OTT platforms that saw an uptick will gain a competitive edge with original, targeted content. This is especially critical for television. The integration of new-age technologies will allow the companies to determine future trends among their consumers to build strong content banks. Media and entertainment intelligent enterprises will stand out as they will be able to minutely understand their audience segments, personalise the media experience and build strong relationships. These relationships will help in increasing revenue and forming more niche audience segments for accurate cross-selling and up-selling targeting.

Intelligent Enterprise for the Future Organisation

Remote working brought about a major shift in the expectations and behaviour of the workforce. While organisations struggled to adapt with the changes, the importance of building a culture of agility became increasingly apparent. The media and entertainment industry will emerge out of the pandemic to a transformed work environment where intelligent enterprises will need to employ cloud and remote working solutions and upskill employees to meet the new challenges.

The demand for original content will shift the focus to building content banks and strengthening content pipeline, which means intelligent enterprises will need to leverage technological tools such as AI, ML and cloud to reduce lead times and foster seamless remote collaborations.

Simplifying the enterprise and integrating automation can also help in building intelligent enterprises. Simplification can lead to streamlined decision-making and lower costs as it will empower executives to quickly pivot and redeploy resources to areas (such as talent, technology, content, IP) that will give the company a competitive edge. It can also lead to siloed business units consolidating to build more integrated market strategies.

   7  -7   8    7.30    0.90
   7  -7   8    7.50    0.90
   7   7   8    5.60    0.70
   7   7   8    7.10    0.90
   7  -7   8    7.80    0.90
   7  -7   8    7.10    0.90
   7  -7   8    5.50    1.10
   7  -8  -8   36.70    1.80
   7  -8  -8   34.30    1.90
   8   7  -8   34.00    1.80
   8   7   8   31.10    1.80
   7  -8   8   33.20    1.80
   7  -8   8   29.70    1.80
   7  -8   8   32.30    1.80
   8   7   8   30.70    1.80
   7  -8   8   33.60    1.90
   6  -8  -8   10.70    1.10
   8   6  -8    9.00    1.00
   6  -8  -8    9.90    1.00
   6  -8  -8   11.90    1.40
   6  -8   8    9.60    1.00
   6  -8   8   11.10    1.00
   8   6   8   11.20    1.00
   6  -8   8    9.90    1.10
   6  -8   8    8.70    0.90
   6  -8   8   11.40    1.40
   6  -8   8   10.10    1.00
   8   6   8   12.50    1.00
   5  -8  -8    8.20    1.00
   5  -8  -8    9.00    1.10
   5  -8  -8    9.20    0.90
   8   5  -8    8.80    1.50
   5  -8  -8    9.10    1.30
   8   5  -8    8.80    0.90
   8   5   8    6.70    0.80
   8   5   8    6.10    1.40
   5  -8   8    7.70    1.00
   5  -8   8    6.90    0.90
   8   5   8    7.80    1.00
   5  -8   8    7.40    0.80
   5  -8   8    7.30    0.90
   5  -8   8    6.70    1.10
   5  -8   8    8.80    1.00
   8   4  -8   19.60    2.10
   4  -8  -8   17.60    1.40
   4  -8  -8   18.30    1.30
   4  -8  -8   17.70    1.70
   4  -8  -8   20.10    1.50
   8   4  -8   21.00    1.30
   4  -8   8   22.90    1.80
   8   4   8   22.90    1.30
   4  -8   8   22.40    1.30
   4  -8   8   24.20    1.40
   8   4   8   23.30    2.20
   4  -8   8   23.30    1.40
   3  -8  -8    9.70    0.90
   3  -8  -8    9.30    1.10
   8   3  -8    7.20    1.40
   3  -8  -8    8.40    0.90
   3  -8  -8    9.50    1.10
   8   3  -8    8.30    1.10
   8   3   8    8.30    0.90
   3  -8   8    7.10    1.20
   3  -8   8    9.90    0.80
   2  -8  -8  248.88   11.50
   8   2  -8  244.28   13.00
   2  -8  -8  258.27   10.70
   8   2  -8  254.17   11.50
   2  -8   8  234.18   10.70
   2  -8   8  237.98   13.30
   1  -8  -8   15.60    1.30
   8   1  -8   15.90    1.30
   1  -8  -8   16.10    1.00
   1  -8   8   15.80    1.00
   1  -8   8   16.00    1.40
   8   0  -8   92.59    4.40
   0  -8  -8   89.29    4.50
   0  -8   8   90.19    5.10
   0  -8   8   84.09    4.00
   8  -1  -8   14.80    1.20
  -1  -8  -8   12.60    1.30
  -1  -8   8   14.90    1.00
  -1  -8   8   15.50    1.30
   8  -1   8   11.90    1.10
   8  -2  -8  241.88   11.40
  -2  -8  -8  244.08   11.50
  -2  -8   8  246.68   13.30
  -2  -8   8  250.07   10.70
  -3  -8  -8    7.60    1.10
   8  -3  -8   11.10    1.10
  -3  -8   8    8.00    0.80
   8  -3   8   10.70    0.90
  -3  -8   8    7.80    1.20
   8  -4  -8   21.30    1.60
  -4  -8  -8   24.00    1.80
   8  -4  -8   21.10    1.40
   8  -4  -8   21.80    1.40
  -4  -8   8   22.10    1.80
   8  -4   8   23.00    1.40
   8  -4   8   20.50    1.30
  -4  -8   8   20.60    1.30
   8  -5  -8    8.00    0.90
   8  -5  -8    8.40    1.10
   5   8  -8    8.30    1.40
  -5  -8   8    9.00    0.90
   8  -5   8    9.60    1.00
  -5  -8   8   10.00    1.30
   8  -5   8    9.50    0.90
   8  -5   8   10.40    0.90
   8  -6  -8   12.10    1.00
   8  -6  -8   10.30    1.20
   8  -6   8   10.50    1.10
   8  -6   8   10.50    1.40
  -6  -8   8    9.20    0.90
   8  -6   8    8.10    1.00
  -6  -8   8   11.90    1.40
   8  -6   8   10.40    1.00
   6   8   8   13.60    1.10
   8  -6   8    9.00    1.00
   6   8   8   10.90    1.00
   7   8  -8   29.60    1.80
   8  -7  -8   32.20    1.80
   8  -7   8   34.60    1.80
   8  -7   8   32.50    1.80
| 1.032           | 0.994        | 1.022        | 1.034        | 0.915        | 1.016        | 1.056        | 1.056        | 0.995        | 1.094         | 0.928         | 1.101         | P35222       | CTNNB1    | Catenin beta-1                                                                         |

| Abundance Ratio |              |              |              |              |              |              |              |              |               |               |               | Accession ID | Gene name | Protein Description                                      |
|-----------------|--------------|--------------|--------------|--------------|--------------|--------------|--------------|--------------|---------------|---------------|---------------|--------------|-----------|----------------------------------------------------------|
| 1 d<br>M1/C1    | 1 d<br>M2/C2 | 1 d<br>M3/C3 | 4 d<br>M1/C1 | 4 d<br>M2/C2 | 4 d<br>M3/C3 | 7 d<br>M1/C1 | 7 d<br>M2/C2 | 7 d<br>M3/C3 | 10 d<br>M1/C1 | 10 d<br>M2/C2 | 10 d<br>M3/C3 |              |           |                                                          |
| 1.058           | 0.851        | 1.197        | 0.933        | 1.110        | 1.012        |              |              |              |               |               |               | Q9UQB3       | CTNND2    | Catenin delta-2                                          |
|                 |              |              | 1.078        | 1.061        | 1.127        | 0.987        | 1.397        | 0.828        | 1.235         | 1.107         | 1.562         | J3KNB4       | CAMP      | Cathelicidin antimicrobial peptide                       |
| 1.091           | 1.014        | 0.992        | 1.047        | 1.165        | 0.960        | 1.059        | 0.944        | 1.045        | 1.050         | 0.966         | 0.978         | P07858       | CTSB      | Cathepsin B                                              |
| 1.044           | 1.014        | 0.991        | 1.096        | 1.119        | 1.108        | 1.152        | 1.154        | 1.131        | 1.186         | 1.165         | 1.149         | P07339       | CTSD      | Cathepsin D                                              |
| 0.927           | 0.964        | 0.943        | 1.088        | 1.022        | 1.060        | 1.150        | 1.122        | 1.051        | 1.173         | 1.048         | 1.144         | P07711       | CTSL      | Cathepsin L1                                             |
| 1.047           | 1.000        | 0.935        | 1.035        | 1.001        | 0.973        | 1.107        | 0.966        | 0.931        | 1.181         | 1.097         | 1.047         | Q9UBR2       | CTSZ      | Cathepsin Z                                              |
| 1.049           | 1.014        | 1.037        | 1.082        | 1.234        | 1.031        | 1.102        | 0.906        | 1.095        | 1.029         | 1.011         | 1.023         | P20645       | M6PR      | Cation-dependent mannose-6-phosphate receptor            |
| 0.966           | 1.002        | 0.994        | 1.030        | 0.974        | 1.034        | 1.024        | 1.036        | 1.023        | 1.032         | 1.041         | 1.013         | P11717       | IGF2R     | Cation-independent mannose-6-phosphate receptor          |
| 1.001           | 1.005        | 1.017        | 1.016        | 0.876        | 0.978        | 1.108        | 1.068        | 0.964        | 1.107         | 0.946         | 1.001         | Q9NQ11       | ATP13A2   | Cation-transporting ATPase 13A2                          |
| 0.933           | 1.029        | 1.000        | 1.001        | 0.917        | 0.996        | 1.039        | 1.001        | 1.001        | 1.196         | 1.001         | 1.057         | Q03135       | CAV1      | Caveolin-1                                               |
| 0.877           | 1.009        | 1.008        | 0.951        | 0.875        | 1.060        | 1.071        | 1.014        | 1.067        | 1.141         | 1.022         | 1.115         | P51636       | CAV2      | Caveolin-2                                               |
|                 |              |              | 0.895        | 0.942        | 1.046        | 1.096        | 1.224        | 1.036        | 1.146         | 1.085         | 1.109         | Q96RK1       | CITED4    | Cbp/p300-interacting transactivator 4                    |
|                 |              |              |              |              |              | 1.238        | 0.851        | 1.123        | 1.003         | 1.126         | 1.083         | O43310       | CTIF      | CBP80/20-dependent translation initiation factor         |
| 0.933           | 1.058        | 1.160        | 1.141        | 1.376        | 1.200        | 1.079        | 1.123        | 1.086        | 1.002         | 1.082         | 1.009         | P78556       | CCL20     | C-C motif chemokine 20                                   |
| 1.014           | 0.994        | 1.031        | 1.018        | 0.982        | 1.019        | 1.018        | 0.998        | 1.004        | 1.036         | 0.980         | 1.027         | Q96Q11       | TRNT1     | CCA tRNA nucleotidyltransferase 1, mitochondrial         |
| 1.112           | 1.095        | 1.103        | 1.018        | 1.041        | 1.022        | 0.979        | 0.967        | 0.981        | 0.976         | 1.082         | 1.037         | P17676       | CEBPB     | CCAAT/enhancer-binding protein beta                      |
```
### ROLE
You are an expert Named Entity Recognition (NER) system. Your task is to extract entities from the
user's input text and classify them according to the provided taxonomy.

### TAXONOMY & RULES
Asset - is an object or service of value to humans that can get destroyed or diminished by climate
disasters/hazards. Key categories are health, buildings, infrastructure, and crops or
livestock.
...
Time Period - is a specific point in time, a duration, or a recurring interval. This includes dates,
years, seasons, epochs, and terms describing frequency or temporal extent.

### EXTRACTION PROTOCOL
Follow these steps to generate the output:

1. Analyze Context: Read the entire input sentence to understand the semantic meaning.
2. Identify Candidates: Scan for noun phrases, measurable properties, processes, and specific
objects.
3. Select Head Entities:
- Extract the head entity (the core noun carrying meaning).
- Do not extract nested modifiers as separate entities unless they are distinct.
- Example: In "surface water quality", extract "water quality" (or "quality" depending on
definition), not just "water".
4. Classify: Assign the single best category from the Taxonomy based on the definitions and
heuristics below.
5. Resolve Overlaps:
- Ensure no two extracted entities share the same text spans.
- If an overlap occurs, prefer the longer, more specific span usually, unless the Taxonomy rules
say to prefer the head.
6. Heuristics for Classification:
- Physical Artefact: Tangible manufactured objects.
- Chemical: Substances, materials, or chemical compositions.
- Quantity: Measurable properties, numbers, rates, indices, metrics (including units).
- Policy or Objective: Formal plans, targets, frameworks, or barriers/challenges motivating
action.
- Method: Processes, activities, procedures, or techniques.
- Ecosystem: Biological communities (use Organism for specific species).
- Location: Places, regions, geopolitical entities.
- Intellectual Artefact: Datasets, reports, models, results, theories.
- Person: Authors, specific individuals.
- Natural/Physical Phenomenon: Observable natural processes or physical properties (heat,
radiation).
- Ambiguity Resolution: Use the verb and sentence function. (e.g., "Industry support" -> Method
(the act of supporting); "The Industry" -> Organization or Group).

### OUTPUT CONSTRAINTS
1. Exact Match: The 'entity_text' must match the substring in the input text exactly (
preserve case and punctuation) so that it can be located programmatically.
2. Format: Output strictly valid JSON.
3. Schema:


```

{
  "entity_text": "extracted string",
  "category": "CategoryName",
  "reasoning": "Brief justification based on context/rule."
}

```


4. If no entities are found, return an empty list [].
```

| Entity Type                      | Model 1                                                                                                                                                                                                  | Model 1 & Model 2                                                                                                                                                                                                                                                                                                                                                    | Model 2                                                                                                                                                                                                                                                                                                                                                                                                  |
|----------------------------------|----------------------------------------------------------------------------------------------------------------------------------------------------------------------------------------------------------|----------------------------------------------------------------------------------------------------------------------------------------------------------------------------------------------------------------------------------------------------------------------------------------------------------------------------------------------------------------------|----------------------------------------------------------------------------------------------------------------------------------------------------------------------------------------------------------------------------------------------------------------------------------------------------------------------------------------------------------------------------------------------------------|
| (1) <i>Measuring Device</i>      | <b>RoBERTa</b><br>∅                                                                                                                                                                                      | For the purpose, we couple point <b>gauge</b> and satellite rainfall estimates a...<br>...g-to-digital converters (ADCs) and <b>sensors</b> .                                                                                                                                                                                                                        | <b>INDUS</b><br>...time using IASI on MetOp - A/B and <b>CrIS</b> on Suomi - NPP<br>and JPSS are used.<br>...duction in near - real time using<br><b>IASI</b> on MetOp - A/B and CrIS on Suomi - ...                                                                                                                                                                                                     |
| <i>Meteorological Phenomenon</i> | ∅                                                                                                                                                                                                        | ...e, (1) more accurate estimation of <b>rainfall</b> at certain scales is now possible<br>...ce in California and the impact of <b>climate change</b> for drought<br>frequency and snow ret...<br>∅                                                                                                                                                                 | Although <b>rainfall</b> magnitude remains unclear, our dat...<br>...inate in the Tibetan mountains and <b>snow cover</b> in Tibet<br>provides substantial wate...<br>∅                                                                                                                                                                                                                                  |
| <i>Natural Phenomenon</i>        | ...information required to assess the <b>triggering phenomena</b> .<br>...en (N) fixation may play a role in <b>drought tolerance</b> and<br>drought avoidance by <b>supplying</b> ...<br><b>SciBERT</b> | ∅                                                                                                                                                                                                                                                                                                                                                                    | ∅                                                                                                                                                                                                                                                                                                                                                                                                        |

Automation can eliminate the need for executives to be involved in time-consuming and low-value, but necessary, corporate activities of accounting, legal, finance and others. This will allow the executives to be focused entirely on driving meaningful growth strategies.

Need of the hour

A survey by Ernst & Young in April 2021 found that building more resilient enterprises post-pandemic was a priority for media and entertainment executives across industry subsectors. 52% of the executives said that the pandemic changed how their businesses operate permanently. Most organisations found themselves re-examining their business models to align with this realisation.

The approach to becoming an intelligent enterprise will vary across different subsectors due to differing priorities, business models, revenue streams and relative maturity. Television production companies will more likely focus on reinventing their execution and delivery strategies and attempt to go hybrid in order to compete with the OTT players, while advertising and marketing enterprises will strategise ways to better leverage the volumes of available data for greater ROI measurement and transparency. Intelligent enterprises are the need of the hour as they will enable business to face any future major changes efficiently with minimal disturbance and build strong customer and executive relationships as a foundation for resilient, agile and adaptable businesses.